This month, students across the
country will be gathering their
supplies, packing their schoolbags
and heading back to
school. My husband, Mark, and I are
painfully aware of this now that we
have three of our four kids in Catholic
But even though their official start
date may be this month, all three of my
school-age kids started gearing up for it
about a month earlier, thanks to summer
assignments from teachers at the
end of last school year. Our daughter
Riley is starting kindergarten, so Mark
and I have been working all summer
long to help her prepare for this big
step in her education.
In a lot of ways, I think my kids and
all the other students are lucky. They
have teachers who are guiding them
along the way in their education,
including—as is the case for my kids—their faith formation. Those of us who
have long since graduated are on our
own. And a lot of times, continuing to
expand our minds and educate ourselves
takes a backseat to the demands
of everyday life. I was painfully reminded
of that the other day when
my daughter Maddie asked me for help
with some of her math problems.
Ongoing Faith Formation
But it's not just math problems or historical
facts that trip me up. Many
times things I have learned over my
38 years of being a Catholic bring me
up short. For instance, on a recent
night when I was having trouble getting
to sleep I attempted to fall back on
the comfort I have always gotten from
reciting the Rosary and found myself
drawing a complete blank.
When my son, Alex, made his First
Reconciliation last fall, I was once again
amazed by the number of parents frantically
trying to remember how to make
their Confession. And, unfortunately,
these situations happen more often
than I'd like to admit. It's like the old
saying goes: If you don't use it, you'll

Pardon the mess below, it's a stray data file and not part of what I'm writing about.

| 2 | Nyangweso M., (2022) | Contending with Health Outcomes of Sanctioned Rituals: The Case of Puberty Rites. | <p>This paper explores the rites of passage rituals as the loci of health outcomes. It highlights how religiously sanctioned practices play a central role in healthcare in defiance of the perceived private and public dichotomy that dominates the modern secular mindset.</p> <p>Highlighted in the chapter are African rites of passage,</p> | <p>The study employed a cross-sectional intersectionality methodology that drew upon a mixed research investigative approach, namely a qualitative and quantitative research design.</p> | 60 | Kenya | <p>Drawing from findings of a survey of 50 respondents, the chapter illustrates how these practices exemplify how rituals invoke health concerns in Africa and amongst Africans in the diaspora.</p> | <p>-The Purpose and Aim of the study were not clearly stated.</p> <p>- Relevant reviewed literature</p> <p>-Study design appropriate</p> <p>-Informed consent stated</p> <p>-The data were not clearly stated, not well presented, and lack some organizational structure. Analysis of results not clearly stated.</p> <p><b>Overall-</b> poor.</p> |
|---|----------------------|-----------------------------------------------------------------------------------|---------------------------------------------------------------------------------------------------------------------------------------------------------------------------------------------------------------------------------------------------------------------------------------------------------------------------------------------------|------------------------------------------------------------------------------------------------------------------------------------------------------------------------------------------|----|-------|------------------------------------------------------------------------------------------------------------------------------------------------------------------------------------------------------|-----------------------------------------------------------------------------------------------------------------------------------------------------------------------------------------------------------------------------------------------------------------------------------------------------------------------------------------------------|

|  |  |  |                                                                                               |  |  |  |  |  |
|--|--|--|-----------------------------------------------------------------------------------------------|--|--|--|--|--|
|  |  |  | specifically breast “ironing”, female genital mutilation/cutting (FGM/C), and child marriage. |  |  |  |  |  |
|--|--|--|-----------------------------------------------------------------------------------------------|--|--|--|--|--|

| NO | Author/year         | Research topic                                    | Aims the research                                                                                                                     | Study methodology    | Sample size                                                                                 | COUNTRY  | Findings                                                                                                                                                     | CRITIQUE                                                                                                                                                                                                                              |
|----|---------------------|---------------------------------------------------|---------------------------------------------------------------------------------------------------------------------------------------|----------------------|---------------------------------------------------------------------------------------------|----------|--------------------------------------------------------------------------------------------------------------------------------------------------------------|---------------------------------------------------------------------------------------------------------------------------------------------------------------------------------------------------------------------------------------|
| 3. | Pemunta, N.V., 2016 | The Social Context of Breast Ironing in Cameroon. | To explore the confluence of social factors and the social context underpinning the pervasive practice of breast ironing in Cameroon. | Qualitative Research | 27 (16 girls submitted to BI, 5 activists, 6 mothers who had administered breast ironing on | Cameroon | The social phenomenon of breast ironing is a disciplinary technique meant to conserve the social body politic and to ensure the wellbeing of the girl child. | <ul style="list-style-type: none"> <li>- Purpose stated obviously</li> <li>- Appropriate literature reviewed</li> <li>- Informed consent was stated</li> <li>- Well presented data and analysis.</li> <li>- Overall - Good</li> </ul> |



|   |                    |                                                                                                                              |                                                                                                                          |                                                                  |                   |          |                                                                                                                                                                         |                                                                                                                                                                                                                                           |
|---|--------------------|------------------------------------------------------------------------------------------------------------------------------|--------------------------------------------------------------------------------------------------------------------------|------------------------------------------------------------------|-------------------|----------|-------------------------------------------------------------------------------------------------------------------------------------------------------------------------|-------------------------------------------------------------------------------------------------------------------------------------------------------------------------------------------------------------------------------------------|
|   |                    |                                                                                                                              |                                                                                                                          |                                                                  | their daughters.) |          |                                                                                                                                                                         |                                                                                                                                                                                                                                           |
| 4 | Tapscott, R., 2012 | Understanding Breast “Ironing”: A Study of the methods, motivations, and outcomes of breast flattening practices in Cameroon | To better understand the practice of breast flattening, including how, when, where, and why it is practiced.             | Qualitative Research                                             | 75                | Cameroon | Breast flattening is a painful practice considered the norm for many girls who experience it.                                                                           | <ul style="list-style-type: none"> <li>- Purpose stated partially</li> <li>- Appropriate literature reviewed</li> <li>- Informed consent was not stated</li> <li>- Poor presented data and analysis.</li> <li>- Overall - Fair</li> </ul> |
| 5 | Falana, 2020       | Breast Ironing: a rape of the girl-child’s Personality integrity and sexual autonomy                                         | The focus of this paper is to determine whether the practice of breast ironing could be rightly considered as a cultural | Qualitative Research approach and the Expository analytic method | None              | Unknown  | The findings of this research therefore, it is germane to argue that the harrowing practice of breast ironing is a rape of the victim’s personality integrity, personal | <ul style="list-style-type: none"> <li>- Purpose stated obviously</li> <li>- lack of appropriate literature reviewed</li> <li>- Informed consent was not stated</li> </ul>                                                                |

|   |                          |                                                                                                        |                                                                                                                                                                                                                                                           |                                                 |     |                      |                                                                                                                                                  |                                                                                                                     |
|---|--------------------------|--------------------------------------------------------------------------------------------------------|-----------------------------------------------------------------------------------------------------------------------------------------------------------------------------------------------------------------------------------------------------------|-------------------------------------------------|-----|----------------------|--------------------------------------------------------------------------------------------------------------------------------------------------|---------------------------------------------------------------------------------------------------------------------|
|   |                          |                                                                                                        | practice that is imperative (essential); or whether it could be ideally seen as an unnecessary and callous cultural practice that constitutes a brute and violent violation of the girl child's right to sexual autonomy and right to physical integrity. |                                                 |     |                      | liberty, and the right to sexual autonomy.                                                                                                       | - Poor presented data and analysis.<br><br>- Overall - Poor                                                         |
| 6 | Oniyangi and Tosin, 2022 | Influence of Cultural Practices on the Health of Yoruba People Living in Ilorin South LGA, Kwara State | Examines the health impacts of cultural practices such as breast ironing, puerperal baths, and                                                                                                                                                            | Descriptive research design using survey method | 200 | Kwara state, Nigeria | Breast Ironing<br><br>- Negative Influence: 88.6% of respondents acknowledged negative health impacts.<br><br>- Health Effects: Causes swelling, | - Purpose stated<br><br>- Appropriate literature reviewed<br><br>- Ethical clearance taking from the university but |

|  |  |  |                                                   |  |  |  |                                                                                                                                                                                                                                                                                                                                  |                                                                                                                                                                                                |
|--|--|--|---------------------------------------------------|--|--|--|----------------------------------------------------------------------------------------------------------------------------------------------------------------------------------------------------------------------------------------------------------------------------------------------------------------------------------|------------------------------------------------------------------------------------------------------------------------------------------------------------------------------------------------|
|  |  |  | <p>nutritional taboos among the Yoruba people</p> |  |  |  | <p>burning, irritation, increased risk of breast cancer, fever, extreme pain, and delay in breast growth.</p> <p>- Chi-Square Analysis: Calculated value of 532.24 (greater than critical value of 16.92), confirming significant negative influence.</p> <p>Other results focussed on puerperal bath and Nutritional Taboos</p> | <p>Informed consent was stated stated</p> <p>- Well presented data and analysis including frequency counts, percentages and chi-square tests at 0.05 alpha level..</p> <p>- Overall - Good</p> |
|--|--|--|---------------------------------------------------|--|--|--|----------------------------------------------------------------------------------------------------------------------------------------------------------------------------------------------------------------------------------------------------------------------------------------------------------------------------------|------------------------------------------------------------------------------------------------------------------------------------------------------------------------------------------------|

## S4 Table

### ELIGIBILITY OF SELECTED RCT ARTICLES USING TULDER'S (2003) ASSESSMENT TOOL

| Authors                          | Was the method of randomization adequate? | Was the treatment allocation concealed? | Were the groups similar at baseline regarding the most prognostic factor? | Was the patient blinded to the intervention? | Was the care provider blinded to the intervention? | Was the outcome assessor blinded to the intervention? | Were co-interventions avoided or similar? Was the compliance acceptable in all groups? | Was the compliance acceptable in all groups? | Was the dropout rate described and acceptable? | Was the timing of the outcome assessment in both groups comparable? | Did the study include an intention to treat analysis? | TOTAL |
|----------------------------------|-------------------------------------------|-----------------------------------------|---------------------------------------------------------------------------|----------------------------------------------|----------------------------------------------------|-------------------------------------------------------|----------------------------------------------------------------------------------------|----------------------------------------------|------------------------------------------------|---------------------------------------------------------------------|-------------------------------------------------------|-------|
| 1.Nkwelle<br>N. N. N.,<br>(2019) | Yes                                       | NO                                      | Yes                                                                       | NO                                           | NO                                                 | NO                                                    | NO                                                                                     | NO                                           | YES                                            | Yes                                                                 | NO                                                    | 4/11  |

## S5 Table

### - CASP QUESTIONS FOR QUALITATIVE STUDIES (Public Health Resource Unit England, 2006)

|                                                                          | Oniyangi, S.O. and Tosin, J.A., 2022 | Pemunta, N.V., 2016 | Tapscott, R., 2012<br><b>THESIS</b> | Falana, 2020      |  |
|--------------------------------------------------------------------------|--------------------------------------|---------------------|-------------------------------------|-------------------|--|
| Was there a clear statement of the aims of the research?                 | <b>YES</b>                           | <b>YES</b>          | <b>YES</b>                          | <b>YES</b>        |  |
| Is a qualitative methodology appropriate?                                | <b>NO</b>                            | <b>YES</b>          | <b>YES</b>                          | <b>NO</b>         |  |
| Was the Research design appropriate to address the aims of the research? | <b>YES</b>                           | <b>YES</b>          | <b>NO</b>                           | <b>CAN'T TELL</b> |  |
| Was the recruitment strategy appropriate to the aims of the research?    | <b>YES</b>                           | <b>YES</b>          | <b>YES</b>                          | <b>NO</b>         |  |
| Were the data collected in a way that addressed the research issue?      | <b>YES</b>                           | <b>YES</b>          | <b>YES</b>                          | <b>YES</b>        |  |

One good thing is that I do have my
kids who can serve as a constant
reminder to learn new things and
renew my faith. But, as I always tell
them, the responsibility to do their
schoolwork and learn ultimately lies
Keeping our minds and faith sharp
and continually growing is as important
to us grown-ups as it is to all those
students heading back to school right
now. In fact, study after study has
shown that keeping ourselves mentally
acute is vitally important for preserving our mental health as we grow older.
With that in mind, here are a few
ways to do just that:
Take the next step. Quite often, I find
myself searching books or the Internet
to find answers to my kids' questions
about a wide range of subjects—from
Alex's interest in dinosaurs to Maddie's
love of all things science. Many times
after I find the answer they're looking
for, I'll delve a little deeper to try to
expand my own knowledge.
Start talking. Gather some friends or
members of your parish to discuss various
topics, such as the changes in the
Mass, the issue of immigration or the
oil spill in the Gulf.
Five years ago, after I did a story on
New Orleans' recovery from Hurricane
Katrina, I was invited to speak to such
a group about my experience and what
I saw while I was in New Orleans. I was
accompanied by someone from Catholic
Charities who discussed that organization's
efforts in the region and how
local Catholics could help.
Continue your education. Do you
have a passion for cooking? A desire to
learn how to paint or do pottery?
Search out classes in your area or stop
by the library and pick up some books
or videos on a subject in which you're
interested. Or, if you will be traveling
somewhere you've never been, seek
out as much information as you can
before you even get there.
Share the wealth. We all have something
at which we're really good. So
why not share that talent with others?
If you can play an instrument, offer to
teach someone else. Or share your
knowledge about a certain subject that
you enjoy with another person. For
instance, my dad is a history buff and
he loves sharing what he has learned.
And recently, at a Cincinnati Reds
game, I taught Alex how to keep score.
Challenge/encourage your kids. Time
and time again, Mark and I have had
our kids say they didn't want to do
something and then later say they wish
they would have participated. Allow
your children to try different activities
in order to find their passions.
Talk to them about their activities.
Alex was ready to quit guitar lessons
not long ago because he said it was
boring. When we talked about it,
though, he admitted that he thought
he was only going to learn the notes
and chords, and didn't understand that
after he knew those, he would be able
to start learning songs of his choosing.
Now he loves entertaining family and
friends with all he's learned.
But if Mark and I hadn't dug a little
deeper and just let him quit, I think we
all would have regretted it.